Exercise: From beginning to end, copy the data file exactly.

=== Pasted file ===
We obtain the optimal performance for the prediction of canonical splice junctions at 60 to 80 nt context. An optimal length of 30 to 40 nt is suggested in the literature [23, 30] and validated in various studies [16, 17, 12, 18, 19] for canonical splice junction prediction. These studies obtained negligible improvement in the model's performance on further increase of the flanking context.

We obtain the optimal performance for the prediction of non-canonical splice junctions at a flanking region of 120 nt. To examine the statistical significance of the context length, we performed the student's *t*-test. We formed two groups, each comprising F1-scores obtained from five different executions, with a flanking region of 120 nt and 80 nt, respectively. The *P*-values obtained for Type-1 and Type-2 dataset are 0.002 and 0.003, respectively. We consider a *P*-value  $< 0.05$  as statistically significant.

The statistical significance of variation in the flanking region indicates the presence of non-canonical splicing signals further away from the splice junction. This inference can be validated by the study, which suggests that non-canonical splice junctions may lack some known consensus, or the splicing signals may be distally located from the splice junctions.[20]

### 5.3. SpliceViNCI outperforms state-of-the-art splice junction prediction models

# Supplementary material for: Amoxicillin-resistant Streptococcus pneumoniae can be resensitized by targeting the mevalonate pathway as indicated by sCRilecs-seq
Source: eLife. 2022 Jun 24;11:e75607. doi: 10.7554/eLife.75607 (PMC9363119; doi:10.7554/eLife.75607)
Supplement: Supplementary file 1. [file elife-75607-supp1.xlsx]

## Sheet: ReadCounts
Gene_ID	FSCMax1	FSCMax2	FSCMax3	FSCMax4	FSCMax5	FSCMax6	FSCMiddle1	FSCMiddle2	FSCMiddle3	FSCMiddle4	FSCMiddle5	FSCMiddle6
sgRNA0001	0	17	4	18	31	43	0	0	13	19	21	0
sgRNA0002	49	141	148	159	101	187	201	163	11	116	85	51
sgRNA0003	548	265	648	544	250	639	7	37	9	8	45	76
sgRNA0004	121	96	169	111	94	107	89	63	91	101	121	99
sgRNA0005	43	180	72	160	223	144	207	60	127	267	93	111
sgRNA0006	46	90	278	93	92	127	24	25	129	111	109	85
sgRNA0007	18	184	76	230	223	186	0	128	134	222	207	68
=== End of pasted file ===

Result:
We obtain the optimal performance for the prediction of canonical splice junctions at 60 to 80 nt context. An optimal length of 30 to 40 nt is suggested in the literature [23, 30] and validated in various studies [16, 17, 12, 18, 19] for canonical splice junction prediction. These studies obtained negligible improvement in the model's performance on further increase of the flanking context.

We obtain the optimal performance for the prediction of non-canonical splice junctions at a flanking region of 120 nt. To examine the statistical significance of the context length, we performed the student's *t*-test. We formed two groups, each comprising F1-scores obtained from five different executions, with a flanking region of 120 nt and 80 nt, respectively. The *P*-values obtained for Type-1 and Type-2 dataset are 0.002 and 0.003, respectively. We consider a *P*-value  $< 0.05$  as statistically significant.

The statistical significance of variation in the flanking region indicates the presence of non-canonical splicing signals further away from the splice junction. This inference can be validated by the study, which suggests that non-canonical splice junctions may lack some known consensus, or the splicing signals may be distally located from the splice junctions.[20]

### 5.3. SpliceViNCI outperforms state-of-the-art splice junction prediction models

# Supplementary material for: Amoxicillin-resistant Streptococcus pneumoniae can be resensitized by targeting the mevalonate pathway as indicated by sCRilecs-seq
Source: eLife. 2022 Jun 24;11:e75607. doi: 10.7554/eLife.75607 (PMC9363119; doi:10.7554/eLife.75607)
Supplement: Supplementary file 1. [file elife-75607-supp1.xlsx]

## Sheet: ReadCounts
Gene_ID	FSCMax1	FSCMax2	FSCMax3	FSCMax4	FSCMax5	FSCMax6	FSCMiddle1	FSCMiddle2	FSCMiddle3	FSCMiddle4	FSCMiddle5	FSCMiddle6
sgRNA0001	0	17	4	18	31	43	0	0	13	19	21	0
sgRNA0002	49	141	148	159	101	187	201	163	11	116	85	51
sgRNA0003	548	265	648	544	250	639	7	37	9	8	45	76
sgRNA0004	121	96	169	111	94	107	89	63	91	101	121	99
sgRNA0005	43	180	72	160	223	144	207	60	127	267	93	111
sgRNA0006	46	90	278	93	92	127	24	25	129	111	109	85
sgRNA0007	18	184	76	230	223	186	0	128	134	222	207	68